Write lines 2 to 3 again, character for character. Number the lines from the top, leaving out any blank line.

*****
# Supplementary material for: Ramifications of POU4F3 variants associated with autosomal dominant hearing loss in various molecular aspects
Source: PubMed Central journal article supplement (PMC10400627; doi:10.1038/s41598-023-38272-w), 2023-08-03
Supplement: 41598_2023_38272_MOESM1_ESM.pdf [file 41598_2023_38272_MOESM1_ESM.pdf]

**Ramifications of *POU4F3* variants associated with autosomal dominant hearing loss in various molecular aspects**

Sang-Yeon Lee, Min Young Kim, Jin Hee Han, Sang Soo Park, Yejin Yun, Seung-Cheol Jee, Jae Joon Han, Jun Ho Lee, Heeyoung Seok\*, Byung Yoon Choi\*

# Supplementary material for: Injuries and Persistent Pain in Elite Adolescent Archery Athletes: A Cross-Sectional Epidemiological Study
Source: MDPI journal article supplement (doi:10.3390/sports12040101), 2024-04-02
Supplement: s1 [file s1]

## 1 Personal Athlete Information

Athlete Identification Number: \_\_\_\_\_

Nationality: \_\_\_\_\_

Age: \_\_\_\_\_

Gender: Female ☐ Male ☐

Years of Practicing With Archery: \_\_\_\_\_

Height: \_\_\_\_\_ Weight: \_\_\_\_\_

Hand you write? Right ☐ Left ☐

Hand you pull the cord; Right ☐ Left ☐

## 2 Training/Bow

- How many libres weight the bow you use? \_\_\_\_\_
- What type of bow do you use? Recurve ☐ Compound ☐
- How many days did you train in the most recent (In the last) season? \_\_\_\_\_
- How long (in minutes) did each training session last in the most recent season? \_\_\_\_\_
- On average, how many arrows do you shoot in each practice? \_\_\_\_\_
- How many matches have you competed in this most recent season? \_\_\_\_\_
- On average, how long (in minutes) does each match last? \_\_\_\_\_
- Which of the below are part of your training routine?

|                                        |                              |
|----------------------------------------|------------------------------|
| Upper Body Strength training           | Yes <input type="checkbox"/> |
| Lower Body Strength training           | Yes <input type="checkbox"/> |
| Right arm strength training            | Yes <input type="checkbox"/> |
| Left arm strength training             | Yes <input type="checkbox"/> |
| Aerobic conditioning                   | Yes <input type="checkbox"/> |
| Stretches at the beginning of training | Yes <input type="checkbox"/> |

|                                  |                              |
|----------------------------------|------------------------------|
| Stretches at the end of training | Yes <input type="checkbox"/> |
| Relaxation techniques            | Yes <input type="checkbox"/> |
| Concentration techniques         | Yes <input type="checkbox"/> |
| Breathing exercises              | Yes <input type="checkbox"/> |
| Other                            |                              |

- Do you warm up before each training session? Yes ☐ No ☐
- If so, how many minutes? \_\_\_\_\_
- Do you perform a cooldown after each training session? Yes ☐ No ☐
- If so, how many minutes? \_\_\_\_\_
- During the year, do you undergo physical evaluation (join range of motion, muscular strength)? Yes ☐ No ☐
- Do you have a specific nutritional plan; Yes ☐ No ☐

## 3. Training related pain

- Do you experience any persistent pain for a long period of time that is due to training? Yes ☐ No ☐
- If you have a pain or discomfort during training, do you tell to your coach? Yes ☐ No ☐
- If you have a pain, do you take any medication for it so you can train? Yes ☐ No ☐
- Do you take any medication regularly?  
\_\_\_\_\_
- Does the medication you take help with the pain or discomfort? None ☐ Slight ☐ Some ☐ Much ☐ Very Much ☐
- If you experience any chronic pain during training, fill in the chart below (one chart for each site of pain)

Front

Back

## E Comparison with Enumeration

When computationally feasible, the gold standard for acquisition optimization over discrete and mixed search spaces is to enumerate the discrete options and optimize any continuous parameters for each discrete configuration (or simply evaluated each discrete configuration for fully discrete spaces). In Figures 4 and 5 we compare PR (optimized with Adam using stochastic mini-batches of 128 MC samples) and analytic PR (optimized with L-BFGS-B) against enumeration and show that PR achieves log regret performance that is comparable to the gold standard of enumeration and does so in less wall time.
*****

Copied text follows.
Source: PubMed Central journal article supplement (PMC10400627; doi:10.1038/s41598-023-38272-w), 2023-08-03
Supplement: 41598_2023_38272_MOESM1_ESM.pdf [file 41598_2023_38272_MOESM1_ESM.pdf]